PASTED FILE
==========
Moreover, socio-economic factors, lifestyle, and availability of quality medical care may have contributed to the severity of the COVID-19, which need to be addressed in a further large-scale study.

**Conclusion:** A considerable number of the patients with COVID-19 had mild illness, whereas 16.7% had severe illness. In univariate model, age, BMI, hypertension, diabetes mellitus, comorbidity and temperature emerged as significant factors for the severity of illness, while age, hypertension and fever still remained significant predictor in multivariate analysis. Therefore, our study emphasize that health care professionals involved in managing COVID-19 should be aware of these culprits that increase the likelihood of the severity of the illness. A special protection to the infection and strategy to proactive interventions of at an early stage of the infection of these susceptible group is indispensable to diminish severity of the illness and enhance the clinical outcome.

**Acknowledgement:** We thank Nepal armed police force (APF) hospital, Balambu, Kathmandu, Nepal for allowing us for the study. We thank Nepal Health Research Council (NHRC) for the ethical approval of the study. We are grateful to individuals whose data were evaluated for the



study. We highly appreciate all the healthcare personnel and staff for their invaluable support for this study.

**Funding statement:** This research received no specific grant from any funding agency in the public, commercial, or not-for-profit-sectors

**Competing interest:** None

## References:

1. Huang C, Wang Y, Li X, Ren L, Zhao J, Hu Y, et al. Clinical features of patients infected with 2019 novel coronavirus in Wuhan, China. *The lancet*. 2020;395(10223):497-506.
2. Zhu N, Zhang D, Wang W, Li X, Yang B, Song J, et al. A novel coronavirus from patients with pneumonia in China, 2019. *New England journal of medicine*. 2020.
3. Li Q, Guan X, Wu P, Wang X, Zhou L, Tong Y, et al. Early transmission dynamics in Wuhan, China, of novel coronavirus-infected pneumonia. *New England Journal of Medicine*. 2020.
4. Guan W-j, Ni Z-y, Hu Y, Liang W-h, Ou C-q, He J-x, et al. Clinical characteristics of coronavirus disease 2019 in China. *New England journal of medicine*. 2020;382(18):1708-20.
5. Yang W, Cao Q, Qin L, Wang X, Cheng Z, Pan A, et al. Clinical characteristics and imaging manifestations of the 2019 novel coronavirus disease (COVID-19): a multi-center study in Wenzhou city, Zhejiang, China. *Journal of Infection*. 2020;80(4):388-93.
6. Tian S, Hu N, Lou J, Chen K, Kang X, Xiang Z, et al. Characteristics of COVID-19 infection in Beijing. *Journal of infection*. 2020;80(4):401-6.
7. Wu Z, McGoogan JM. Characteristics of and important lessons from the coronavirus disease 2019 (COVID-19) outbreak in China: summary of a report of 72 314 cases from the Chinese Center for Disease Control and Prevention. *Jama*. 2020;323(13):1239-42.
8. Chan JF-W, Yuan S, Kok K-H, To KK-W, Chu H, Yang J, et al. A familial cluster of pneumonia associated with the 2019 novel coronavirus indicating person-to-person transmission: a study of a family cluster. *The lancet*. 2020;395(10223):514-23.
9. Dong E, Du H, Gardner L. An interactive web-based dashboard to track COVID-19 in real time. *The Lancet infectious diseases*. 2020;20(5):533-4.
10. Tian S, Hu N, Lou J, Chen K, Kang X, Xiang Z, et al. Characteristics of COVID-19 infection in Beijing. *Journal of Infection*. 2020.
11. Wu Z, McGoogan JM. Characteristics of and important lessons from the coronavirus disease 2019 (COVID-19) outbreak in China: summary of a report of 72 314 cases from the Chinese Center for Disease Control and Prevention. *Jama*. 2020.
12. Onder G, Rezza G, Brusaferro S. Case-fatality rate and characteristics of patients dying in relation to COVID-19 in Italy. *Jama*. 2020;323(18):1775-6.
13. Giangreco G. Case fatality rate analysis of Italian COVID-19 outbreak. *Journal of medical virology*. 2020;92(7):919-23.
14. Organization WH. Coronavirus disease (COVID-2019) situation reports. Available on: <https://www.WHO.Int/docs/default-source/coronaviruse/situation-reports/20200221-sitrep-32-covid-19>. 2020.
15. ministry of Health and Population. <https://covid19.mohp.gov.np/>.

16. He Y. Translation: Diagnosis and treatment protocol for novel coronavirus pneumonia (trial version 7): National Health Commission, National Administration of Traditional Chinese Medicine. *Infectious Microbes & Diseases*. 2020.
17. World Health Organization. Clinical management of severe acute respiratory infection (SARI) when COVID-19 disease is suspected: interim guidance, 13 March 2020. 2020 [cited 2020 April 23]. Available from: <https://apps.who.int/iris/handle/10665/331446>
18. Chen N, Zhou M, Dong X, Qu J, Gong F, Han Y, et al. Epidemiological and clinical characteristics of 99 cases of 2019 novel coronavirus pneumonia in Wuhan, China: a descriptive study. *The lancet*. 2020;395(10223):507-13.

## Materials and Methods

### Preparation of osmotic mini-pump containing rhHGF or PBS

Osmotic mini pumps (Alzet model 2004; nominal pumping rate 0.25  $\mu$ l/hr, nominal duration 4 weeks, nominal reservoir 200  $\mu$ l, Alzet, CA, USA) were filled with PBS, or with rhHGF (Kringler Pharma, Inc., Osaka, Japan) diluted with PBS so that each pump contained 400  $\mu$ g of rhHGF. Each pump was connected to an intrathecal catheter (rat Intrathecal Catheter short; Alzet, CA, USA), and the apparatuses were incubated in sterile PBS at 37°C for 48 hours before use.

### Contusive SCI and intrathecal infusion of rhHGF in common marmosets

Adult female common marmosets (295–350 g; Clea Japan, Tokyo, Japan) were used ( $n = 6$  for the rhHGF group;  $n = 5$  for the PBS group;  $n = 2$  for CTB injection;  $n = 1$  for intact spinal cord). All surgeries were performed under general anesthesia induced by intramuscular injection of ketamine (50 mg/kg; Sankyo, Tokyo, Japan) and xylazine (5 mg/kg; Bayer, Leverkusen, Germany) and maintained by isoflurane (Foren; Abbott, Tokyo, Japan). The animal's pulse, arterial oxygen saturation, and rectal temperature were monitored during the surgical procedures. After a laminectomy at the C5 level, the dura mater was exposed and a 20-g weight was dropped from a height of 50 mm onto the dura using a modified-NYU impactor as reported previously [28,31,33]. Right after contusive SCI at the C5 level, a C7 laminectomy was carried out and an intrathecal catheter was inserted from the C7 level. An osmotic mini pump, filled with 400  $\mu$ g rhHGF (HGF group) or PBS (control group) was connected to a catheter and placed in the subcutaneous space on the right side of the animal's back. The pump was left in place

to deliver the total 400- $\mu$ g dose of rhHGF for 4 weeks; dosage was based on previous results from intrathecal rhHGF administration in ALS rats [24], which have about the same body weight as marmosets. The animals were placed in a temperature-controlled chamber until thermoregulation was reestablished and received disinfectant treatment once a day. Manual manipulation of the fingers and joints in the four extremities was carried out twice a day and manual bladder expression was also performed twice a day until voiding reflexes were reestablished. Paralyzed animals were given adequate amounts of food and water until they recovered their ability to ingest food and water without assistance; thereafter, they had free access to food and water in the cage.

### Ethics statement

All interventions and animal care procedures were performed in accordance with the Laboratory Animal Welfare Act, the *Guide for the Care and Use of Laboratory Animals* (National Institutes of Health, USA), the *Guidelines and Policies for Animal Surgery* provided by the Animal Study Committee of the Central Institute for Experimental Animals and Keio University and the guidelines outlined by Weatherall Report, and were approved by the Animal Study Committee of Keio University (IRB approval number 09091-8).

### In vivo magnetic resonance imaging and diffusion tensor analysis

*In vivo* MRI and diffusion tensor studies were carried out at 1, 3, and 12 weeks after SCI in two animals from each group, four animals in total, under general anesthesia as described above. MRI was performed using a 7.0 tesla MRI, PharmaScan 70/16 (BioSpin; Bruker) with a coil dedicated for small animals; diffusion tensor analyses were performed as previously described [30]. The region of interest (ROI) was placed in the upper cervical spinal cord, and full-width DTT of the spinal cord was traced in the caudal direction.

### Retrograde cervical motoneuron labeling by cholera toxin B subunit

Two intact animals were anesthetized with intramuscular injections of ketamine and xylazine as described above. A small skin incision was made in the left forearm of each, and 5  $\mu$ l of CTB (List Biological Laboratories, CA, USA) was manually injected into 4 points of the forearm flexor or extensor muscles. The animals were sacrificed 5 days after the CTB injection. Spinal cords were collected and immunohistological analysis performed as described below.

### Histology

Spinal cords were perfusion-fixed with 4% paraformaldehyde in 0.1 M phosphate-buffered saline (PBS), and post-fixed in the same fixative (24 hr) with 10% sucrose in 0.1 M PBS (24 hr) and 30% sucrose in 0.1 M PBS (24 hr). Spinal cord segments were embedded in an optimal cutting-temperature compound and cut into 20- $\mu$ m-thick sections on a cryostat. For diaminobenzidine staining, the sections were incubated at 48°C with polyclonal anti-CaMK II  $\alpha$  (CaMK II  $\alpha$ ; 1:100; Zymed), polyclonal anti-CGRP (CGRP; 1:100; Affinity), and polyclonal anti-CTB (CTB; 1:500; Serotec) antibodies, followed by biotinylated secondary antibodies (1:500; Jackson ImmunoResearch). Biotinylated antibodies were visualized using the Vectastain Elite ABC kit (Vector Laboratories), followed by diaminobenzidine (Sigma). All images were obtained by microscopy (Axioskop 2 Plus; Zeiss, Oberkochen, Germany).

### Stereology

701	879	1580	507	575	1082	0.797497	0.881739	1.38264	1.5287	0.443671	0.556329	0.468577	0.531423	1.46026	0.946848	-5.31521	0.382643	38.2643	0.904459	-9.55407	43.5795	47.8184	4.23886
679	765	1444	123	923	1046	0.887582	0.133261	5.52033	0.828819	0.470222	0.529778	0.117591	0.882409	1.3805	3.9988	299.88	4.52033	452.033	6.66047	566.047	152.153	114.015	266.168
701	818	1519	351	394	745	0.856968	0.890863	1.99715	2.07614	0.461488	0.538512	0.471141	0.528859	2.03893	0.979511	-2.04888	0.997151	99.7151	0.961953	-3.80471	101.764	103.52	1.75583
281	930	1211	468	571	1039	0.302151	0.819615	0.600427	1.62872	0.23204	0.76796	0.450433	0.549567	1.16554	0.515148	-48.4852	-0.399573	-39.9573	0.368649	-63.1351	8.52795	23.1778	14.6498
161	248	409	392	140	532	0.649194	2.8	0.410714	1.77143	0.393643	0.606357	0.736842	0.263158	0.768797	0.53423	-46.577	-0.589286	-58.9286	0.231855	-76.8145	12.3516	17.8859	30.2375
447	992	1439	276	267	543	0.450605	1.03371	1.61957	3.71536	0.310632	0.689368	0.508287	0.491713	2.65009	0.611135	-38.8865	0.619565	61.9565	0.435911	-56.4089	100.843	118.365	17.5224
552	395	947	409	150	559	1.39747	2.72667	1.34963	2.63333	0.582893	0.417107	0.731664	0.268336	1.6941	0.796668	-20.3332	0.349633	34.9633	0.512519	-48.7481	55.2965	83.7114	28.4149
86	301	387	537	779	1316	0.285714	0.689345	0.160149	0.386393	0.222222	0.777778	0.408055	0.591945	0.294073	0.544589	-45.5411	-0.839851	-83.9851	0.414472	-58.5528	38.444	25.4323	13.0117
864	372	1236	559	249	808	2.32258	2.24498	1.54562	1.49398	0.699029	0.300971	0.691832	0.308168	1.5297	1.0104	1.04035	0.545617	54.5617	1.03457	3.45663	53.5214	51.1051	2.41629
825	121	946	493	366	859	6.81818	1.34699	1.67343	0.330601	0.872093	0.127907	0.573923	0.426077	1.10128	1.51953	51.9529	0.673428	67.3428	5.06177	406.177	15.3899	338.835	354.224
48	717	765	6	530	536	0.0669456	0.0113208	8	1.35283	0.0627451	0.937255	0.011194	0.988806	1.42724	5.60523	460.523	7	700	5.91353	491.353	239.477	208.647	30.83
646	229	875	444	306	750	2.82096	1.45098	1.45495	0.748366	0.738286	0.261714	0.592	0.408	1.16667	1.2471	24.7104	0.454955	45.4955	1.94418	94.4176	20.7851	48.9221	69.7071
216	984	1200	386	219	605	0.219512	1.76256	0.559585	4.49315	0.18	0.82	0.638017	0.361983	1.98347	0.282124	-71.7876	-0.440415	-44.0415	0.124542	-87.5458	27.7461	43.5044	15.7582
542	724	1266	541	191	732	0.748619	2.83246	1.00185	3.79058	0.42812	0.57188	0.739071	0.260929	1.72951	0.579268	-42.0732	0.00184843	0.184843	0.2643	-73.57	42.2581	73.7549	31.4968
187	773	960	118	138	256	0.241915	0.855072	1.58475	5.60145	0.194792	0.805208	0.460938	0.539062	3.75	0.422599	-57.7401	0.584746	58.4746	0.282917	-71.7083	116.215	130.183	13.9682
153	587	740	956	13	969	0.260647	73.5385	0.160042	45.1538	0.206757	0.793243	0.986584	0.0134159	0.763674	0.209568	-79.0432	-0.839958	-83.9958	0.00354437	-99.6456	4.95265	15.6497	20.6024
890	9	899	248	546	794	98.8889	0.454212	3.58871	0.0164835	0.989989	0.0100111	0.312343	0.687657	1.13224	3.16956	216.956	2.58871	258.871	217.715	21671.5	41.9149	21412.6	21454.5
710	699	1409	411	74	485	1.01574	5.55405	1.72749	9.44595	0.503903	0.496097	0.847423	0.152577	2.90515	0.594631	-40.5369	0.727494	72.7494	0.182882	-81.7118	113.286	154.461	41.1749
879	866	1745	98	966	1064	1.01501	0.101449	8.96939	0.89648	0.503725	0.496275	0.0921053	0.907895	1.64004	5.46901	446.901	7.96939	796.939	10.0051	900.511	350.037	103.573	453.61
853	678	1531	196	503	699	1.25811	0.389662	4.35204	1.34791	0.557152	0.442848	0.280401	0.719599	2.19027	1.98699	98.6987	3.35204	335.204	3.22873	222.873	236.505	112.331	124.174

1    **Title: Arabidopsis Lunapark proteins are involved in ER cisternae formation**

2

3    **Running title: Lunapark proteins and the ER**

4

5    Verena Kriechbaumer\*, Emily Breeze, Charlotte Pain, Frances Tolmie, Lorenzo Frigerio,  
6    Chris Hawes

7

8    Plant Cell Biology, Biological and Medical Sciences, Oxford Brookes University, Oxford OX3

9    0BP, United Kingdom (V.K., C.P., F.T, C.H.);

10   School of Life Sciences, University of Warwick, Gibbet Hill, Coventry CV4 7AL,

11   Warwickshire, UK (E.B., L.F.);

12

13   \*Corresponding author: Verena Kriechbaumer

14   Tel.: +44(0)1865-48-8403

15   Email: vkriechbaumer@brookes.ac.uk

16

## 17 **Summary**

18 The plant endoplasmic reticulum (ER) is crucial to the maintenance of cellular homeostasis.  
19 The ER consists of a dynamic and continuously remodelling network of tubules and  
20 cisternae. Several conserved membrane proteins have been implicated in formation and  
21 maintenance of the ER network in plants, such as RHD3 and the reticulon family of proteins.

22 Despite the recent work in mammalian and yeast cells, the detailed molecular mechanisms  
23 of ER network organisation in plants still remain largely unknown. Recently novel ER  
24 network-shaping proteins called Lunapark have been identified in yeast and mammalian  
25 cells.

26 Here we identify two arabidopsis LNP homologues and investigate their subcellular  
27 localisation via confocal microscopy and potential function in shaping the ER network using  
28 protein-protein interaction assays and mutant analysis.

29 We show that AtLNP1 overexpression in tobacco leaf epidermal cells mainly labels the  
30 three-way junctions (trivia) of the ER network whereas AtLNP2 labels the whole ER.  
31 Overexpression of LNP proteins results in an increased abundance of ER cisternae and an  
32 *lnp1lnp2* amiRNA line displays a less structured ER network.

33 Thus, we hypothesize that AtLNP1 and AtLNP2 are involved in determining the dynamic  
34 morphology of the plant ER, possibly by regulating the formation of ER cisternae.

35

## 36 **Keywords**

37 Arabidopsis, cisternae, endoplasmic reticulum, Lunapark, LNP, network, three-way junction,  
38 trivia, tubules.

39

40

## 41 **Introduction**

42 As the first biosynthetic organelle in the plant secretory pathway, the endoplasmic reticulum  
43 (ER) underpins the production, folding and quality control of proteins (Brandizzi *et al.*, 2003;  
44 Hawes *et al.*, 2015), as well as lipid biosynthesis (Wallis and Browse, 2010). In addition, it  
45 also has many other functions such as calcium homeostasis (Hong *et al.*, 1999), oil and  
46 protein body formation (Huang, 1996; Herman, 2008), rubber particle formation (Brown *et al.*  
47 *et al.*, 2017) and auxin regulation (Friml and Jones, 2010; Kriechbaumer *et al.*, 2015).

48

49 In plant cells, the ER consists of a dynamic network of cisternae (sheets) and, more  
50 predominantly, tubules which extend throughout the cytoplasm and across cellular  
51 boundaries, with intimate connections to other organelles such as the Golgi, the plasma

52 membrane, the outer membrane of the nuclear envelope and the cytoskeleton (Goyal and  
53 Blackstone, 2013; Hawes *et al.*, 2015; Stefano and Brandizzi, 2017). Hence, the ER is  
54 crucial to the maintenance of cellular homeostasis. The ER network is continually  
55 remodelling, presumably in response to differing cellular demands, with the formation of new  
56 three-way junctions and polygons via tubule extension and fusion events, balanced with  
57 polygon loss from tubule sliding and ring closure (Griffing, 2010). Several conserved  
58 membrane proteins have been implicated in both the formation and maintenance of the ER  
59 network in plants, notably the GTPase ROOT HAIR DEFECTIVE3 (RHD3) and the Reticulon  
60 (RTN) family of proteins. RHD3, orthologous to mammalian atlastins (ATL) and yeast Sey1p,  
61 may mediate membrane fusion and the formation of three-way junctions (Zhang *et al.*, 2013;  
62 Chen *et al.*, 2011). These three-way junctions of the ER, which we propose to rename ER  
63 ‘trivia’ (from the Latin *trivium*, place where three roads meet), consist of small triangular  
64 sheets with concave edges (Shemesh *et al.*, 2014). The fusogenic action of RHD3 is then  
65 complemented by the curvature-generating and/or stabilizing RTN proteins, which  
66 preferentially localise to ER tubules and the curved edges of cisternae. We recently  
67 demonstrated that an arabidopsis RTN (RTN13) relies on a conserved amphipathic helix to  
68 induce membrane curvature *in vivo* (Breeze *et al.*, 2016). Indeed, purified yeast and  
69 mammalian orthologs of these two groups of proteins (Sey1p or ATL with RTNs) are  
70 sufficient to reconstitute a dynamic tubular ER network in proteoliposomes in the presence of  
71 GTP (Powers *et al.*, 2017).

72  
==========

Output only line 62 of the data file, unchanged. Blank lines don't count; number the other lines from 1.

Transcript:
2